Borrowing To Purchase Stocks Soars
January 28, 2000
Buying stocks with borrowed money -- usually called "buying on the margin" -- ruined many an investor in the market crash of 1929. Although the federal government has tightened up on the rules since then, officials -- including Alan Greenspan -- are concerned by a big jump in such borrowing last year.
- Americans borrowed 62 percent more last year than in 1998 to buy stocks.
- The amount of credit extended by members of the New York Stock Exchange to individual investors jumped by $88 billion to $228.5 billion by the end of the year.
- Observers report that borrowing seems to be concentrated on day-traders betting on stratospheric gains in stocks of Internet start-up and other technology stocks.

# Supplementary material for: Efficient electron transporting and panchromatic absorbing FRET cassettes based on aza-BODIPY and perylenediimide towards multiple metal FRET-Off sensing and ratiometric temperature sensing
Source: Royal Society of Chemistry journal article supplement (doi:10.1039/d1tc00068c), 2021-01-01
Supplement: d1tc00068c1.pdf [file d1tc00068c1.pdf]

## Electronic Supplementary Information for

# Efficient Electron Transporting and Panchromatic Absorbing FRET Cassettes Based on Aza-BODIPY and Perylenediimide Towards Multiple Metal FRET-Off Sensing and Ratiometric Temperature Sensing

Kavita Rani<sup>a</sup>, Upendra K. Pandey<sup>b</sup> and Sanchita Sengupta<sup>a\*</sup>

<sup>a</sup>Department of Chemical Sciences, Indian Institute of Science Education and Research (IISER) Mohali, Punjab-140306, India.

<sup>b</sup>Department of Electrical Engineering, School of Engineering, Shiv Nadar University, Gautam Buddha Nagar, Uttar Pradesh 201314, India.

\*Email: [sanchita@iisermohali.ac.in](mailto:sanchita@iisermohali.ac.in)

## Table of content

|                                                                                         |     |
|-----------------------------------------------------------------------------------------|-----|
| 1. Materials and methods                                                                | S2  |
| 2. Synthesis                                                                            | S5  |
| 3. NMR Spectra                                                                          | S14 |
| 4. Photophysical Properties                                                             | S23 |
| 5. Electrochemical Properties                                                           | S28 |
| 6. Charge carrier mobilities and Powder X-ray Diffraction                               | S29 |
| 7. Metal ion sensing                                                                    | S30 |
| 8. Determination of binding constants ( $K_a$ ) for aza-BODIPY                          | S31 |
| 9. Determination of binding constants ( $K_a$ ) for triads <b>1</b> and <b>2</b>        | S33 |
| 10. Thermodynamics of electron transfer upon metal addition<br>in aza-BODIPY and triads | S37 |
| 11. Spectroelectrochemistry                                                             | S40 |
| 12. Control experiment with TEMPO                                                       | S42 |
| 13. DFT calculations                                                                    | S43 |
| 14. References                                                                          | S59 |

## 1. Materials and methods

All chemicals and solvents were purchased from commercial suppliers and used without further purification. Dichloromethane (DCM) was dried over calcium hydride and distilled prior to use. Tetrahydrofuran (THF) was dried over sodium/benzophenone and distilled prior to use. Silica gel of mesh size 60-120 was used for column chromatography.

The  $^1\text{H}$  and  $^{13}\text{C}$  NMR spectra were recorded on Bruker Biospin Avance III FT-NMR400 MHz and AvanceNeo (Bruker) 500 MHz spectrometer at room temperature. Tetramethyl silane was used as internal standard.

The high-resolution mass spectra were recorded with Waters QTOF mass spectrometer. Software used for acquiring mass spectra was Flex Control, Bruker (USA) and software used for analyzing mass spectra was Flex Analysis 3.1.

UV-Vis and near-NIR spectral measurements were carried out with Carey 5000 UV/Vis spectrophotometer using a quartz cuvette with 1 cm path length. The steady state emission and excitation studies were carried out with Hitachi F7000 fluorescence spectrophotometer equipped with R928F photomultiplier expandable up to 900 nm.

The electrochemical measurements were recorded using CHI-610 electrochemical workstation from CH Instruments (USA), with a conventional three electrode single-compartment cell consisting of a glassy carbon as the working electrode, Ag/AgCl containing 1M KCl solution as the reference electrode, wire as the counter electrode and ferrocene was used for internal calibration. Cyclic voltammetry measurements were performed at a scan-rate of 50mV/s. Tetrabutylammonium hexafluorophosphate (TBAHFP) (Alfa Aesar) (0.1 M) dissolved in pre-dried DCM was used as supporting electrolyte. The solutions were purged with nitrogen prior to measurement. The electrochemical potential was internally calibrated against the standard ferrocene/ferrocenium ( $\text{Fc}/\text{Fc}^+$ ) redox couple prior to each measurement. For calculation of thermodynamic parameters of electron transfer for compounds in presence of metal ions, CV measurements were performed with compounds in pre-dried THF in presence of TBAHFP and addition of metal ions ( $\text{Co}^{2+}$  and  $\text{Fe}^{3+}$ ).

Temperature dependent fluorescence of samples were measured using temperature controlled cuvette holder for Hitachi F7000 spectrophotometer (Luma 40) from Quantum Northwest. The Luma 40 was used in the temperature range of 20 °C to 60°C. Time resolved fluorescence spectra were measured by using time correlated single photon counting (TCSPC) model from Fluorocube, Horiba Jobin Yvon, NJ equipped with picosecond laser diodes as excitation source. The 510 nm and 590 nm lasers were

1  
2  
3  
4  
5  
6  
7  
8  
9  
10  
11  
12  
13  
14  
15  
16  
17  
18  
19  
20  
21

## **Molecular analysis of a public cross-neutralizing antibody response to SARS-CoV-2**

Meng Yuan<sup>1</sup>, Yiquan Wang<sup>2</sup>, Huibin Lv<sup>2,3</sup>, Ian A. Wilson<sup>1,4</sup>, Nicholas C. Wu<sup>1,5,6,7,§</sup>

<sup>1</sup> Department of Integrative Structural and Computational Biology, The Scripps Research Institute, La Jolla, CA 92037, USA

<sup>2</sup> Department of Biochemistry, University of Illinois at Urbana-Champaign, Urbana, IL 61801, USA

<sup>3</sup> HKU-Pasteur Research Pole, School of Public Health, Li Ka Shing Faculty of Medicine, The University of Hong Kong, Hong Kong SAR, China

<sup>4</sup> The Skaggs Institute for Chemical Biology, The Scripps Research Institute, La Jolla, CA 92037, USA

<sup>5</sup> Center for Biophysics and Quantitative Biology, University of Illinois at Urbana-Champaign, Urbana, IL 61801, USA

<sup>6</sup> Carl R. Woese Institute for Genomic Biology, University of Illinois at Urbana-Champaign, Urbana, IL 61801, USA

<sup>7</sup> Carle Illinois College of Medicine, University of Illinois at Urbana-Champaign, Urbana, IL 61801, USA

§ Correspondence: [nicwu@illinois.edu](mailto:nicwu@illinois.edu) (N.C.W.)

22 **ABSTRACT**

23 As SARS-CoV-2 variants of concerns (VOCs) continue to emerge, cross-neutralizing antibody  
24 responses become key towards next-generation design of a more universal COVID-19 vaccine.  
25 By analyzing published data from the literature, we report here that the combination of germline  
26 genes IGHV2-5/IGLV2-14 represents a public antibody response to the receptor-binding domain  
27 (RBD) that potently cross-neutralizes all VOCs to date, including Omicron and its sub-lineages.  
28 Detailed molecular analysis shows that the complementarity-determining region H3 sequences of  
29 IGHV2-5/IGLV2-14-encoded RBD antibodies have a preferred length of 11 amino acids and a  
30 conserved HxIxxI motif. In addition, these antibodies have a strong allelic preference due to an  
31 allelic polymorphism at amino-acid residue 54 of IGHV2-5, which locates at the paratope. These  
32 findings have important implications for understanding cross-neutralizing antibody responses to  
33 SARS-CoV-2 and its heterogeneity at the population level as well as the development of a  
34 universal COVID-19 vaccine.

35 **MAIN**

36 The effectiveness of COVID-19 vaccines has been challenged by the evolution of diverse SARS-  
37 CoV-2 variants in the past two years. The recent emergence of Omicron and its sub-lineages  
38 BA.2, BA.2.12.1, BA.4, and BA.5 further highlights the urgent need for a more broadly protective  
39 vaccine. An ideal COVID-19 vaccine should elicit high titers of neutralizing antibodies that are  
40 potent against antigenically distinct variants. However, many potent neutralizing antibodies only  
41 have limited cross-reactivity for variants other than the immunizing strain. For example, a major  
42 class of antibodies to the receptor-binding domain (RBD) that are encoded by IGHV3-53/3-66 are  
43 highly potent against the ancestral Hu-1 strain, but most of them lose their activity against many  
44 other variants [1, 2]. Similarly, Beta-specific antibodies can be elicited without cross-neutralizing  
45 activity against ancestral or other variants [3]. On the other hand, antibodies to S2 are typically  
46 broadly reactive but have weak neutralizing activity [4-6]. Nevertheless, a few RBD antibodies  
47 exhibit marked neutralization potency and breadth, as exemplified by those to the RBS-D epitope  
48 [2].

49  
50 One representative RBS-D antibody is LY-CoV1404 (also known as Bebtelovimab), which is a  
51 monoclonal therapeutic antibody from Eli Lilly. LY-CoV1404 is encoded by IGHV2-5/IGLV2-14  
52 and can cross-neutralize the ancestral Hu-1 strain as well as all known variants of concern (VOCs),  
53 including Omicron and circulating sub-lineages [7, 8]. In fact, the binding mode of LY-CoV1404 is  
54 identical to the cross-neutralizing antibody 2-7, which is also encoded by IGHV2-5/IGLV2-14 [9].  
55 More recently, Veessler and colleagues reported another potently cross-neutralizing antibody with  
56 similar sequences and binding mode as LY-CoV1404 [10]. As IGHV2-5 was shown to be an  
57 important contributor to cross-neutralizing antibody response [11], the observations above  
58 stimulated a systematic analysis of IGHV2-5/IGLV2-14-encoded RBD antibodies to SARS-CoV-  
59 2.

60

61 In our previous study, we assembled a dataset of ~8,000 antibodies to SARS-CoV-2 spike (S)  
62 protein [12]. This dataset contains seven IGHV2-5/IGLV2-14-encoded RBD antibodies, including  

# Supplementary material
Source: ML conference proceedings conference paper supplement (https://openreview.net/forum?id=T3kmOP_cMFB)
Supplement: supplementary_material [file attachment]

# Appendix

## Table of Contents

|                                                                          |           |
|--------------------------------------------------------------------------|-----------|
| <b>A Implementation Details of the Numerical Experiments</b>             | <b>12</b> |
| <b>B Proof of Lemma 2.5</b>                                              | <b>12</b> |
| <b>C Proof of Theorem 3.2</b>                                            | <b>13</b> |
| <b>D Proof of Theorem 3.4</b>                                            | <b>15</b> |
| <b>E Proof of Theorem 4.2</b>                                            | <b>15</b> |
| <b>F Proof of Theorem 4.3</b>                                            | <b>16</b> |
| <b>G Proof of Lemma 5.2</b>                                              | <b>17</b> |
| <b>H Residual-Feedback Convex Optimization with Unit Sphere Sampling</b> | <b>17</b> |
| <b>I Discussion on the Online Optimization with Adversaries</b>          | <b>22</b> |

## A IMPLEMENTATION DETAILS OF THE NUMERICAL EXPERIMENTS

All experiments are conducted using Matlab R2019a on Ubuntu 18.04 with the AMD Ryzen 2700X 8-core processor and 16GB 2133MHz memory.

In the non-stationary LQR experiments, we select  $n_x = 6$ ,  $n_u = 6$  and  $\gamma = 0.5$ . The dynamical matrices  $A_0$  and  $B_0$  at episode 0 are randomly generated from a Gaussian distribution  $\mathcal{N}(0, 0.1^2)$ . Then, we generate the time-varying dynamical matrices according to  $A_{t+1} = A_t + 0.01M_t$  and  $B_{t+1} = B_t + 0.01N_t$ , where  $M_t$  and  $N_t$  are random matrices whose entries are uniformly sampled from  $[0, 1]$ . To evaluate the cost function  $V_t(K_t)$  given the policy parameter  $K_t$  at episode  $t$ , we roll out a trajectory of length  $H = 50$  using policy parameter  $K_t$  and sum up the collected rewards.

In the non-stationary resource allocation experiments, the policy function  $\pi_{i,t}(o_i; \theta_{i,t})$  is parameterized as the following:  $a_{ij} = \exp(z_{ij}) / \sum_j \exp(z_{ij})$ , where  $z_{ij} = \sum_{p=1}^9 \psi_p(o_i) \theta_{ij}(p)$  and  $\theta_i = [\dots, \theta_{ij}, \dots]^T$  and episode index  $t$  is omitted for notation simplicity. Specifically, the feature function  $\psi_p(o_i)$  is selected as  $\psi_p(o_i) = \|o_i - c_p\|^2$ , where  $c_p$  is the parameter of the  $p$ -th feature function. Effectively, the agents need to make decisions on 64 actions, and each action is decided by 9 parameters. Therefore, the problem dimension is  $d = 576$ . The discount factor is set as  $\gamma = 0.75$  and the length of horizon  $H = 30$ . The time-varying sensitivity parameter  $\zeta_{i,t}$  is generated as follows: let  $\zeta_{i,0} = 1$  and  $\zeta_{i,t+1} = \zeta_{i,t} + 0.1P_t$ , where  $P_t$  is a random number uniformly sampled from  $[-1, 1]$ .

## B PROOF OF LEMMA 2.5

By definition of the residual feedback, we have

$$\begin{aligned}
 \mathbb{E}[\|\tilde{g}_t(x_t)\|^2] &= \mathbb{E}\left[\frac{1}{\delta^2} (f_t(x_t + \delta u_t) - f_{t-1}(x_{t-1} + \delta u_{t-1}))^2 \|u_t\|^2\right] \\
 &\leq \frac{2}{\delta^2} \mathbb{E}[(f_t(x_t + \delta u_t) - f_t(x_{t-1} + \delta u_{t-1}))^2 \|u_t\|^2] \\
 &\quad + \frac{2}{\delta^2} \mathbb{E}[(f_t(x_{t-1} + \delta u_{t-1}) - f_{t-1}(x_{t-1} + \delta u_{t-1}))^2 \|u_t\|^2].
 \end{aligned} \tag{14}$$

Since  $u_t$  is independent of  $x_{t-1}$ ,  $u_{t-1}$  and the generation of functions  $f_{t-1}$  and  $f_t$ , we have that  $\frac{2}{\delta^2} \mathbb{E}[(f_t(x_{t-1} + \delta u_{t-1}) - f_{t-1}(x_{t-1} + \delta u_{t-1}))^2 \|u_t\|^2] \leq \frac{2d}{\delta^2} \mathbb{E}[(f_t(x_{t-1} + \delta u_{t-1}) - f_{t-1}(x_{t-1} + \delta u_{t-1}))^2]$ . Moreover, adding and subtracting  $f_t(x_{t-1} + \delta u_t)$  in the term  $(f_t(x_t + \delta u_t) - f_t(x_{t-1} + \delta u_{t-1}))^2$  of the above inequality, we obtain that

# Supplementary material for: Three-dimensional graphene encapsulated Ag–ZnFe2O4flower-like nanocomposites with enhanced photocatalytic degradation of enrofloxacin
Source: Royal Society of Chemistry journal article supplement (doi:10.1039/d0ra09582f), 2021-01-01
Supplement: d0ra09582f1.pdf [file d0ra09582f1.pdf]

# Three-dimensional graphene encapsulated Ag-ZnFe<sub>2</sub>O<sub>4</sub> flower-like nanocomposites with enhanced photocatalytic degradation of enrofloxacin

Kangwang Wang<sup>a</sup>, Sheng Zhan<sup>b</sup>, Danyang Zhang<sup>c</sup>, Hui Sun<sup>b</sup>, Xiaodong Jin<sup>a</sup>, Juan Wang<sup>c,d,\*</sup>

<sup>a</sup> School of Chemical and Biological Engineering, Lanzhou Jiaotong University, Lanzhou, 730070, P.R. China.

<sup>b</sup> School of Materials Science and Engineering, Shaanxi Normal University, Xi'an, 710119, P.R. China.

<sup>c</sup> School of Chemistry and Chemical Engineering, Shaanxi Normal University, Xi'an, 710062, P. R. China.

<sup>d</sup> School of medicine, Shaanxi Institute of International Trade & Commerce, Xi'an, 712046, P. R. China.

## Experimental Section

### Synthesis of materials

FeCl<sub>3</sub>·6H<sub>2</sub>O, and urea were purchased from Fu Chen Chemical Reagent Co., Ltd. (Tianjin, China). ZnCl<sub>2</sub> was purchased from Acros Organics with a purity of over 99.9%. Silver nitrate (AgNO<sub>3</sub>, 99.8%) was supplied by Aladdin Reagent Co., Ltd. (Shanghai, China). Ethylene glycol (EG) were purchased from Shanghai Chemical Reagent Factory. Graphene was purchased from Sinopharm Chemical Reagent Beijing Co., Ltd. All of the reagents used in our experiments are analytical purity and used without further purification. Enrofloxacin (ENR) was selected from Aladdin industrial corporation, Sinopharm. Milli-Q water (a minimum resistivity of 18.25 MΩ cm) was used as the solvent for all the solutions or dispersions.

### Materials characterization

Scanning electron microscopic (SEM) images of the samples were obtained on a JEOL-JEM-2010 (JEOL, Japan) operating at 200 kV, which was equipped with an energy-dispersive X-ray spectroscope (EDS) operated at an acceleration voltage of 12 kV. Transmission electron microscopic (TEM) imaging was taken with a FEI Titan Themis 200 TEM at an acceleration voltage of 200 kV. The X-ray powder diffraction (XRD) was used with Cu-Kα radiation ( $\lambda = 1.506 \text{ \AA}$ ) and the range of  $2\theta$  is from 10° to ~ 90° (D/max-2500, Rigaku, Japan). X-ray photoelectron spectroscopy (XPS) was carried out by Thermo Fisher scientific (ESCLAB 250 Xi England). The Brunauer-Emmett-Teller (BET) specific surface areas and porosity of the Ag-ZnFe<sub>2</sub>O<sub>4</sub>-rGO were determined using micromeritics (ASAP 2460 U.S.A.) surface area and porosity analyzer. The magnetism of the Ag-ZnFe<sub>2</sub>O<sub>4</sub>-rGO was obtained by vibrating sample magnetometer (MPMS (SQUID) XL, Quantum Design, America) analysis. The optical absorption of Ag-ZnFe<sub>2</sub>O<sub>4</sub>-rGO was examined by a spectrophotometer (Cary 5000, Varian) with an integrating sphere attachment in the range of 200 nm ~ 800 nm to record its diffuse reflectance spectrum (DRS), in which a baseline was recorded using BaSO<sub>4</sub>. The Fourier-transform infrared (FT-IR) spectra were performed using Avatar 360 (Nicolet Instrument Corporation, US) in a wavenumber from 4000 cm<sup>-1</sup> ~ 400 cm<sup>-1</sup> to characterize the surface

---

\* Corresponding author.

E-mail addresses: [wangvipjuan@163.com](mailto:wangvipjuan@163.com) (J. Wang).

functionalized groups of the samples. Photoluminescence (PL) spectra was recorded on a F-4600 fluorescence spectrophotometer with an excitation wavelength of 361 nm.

- The increase in borrowing was particularly pronounced during November and December -- which helped propel the NASDAQ Composite Index to a record 86 percent gain for the year.
While borrowing helps leverage investors money and allows them to realize much greater returns on successful investments, it also exposes them to heavy losses when their stocks decline.
The Federal Reserve is considering tightening the lending rules. But Chairman Greenspan has speculated publicly that doing so would primarily disadvantage small investors who do not have the financial wherewithal that big investors have.
The New York Stock Exchange and the National Association of Securities Dealers have proposed increasing the minimum active day-traders must have in their trading accounts in order to borrow from $2,000 to $25,000.
Source: Partake Hill, "Big Boost in Buying Stocks 'On Margin," Washington Times, January 28, 2000.
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